By Lisa MeadowsIt’s a chilly morning, just plain cold, some might say. But it won’t last. Despite the cold start, it’ll warm up a bit today. Clear skies overnight allow any heat that builds up to escape, bringing down the temperatures, but clear skies the next day allow the sun to heat up quicker. Rain would be nice, but it’s not in our 7-day forecast. We’ve had a jet stream to the north for a while causing a high-pressure region over us, preventing rainfall.
SACRAMENTO (CBS13) — If you’ve flown out of Sacramento International Airport recently, you’ve probably seen its large solar farm. It’s the largest solar array in the state of California and helps the airport save money as well as the environment. New energy efforts are taking flight as the airport turns to the sky to save money on its power bill.
SACRAMENTO (CBS13) — California’s Central Valley has some of the worst air quality in the nation, but it turns out we might have been wrong about the source of most smog. Nitrous oxides, also known as NOx, have been found to be a major source of our pollution in Northern California as a result of fertilizer from agriculture. The molecule is the key component in creating smog which is very harmful to humans.
Muck Rack makes it simple to find people, tweets, or articles that mention any name, keyword, company, hashtag etc. We've compiled this guide to help you make the most of your search.
Selecting a term
Start searching tweets, articles from media outlets, articles mentioned in tweets, journalists'
names, titles and bios with some suggested searches:
Companies or Topics (e.g. iPhone, Microsoft)
Phrases (e.g. "cloud computing") — use quotes to keep the terms together
Twitter handles (e.g. @username) — returns those who have mentioned or replied to
Names (e.g. "David Pogue")
Hashtags (e.g. #sxsw, #london2012)
Bio details (e.g. vegan, Olympics, father)
Muck Rack's Advanced Search allows for many boolean operators.
Find results that mention multiple specified terms, use AND or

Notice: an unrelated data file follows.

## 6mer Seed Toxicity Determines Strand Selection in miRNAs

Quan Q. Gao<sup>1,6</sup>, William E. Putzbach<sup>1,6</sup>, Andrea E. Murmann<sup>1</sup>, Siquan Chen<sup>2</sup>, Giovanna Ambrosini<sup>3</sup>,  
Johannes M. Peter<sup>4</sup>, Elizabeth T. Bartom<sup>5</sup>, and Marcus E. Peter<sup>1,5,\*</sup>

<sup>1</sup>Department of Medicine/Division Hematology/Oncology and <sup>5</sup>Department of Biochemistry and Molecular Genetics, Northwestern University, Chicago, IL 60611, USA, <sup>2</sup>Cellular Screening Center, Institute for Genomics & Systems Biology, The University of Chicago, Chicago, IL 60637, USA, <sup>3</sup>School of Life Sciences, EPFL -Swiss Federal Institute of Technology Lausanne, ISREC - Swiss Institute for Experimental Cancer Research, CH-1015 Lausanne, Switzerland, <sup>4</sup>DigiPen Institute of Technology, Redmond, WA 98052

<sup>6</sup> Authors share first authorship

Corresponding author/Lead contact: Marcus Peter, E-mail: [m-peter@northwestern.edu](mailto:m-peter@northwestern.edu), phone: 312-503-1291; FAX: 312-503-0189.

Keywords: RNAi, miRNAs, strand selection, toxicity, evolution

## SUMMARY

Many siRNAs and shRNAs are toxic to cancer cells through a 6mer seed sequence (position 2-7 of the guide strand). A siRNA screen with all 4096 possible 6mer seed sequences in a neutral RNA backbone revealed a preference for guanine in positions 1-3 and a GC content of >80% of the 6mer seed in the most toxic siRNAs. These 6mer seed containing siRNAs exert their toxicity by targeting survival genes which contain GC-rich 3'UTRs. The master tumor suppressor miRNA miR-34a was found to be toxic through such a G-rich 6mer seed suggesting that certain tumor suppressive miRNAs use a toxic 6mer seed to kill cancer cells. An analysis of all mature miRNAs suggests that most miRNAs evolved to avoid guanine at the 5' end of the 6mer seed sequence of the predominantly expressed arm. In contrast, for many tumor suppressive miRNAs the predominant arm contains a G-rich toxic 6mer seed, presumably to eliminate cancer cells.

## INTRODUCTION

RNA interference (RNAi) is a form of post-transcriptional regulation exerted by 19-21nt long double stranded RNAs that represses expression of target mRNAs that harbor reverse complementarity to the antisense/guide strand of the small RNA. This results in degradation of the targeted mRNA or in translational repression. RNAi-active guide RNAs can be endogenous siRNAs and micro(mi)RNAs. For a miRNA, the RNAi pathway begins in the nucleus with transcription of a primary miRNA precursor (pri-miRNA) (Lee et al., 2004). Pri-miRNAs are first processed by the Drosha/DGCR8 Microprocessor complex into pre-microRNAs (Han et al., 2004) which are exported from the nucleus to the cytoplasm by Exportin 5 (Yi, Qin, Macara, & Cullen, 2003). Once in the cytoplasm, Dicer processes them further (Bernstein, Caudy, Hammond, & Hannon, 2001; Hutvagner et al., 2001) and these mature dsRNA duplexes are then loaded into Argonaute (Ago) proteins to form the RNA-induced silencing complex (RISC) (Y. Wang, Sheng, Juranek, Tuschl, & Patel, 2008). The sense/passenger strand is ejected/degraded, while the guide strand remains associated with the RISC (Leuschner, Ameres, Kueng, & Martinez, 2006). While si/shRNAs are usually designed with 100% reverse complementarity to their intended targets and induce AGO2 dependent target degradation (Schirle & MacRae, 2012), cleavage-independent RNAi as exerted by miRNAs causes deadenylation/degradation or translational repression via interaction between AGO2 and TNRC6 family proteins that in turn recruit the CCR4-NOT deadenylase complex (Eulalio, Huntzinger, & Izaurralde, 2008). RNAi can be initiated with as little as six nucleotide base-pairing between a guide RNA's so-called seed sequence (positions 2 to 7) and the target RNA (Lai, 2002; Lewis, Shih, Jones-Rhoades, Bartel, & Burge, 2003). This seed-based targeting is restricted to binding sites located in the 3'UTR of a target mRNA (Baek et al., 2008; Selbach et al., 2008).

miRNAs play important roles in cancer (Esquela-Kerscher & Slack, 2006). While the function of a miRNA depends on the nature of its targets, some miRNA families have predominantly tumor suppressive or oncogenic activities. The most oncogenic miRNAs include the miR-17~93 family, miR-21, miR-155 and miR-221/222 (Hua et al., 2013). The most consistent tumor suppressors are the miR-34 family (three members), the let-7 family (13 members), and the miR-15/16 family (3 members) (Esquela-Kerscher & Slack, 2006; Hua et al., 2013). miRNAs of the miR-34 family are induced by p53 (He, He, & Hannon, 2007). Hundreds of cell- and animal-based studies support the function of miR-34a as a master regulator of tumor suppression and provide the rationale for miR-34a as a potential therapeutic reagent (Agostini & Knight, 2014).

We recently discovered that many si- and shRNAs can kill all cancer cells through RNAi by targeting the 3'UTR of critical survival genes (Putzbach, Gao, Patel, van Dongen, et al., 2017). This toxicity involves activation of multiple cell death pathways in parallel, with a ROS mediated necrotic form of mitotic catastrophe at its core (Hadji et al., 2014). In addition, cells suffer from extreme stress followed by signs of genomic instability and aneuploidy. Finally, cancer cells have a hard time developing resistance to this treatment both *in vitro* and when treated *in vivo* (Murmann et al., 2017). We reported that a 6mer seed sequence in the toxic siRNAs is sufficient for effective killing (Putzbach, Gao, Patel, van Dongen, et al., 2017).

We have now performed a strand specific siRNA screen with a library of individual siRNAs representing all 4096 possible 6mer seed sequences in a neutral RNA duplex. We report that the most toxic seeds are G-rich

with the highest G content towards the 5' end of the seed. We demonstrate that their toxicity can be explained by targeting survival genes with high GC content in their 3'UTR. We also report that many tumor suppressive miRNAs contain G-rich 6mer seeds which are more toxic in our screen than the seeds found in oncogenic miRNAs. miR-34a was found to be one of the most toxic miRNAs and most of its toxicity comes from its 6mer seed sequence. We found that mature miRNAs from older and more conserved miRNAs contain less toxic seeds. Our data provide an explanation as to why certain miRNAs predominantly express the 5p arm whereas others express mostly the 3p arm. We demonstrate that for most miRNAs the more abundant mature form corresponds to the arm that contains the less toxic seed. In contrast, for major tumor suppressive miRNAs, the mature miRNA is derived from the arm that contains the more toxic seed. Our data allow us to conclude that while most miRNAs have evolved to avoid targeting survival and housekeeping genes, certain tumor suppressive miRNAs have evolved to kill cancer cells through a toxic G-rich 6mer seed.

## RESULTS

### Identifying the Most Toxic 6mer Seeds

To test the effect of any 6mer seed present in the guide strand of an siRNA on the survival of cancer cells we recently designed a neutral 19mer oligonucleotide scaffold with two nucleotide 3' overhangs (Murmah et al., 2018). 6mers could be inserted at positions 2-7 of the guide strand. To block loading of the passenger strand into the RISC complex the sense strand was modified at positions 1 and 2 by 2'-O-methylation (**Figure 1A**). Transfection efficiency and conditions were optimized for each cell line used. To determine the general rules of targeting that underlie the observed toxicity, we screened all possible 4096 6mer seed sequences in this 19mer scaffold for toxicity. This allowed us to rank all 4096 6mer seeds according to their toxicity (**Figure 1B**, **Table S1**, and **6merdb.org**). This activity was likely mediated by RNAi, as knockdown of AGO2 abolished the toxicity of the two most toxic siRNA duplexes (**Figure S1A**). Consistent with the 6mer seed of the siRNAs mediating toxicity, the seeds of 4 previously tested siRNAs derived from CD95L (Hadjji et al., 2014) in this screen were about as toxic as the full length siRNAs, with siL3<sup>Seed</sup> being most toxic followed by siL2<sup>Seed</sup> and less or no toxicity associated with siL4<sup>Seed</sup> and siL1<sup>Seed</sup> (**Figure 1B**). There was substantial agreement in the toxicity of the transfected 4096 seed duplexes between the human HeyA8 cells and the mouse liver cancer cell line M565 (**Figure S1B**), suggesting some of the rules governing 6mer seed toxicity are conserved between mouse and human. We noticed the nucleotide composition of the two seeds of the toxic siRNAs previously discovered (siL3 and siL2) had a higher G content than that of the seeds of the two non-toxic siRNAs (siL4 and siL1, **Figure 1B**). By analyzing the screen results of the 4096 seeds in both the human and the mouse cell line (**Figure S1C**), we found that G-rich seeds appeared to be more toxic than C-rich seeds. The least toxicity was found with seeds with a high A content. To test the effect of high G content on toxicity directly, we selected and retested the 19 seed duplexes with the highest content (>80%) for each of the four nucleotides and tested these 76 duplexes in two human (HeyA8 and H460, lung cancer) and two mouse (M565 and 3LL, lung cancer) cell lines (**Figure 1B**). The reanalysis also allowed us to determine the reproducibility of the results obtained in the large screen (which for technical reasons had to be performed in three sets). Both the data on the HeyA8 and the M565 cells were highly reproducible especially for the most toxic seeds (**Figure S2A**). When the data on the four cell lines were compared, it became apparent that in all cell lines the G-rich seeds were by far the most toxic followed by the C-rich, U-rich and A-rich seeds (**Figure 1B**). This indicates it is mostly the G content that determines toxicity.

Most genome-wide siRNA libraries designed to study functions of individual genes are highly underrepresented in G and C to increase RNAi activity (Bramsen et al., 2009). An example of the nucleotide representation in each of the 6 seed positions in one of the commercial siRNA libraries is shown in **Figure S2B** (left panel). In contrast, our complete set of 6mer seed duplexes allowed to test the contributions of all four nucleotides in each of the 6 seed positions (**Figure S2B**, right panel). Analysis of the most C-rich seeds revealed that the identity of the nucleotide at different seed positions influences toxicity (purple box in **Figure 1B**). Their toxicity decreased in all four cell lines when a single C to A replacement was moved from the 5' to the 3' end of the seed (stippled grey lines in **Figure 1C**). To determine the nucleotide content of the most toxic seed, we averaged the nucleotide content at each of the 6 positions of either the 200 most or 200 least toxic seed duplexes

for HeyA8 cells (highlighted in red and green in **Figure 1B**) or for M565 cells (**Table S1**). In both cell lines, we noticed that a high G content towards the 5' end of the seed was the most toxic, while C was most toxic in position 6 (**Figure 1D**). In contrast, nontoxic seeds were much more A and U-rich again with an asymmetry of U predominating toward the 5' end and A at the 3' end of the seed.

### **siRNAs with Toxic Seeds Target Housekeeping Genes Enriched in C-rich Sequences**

+. For example, ensure each result contains both Elon Musk and Mark Zuckerberg by
searching Musk AND Zuckerberg or Musk + Zuckerberg.
Use the operators OR or , to broaden your search when you'd like either of
multiple terms to appear in results. (This is the default behavior of our search when no operators
are used). For example, results will contain either cake or cookie by searching cake OR cookie or cake,cookie
Use NOT or - to subtract results from your search. For
example, searching Disney will yield results about the Walt Disney Company as well as Walt Disney
World Resort. To exclude mentions of Disney World, search for Disney -World or Disney
When using one of these operators with a phrase, enclose it in quotation marks. For example, you can
find results about smartphones excluding Apple's iPhone 4S by searching smartphone -"iPhone
Exact case matching or punctuation
If you're searching for a brand name or keyword that relies on specific punctuation marks or capitalization, you can
find results that match your exact query by adding matchcase: before the keyword you're searching for, like matchcase:E*TRADE .
Use parentheses to separate multiple
boolean phrases. For example, to find journalists talking about having fun in Disney World or
Disneyland, search for ("disney world" OR disneyland) AND fun.
An asterisk can be used to search for any variation of a root word truncated by the asterisk. For example, searching for admin* will return results for administrator, administration, administer, administered, etc.
A near operator is an AND operator where you can control the distance between the words. You can vary the distance the near operation uses by adding a forward slash and number (between 0-99) such as strawberries NEAR/10 "whipped cream", which means the strawberries must exist within 10 words of "whipped cream".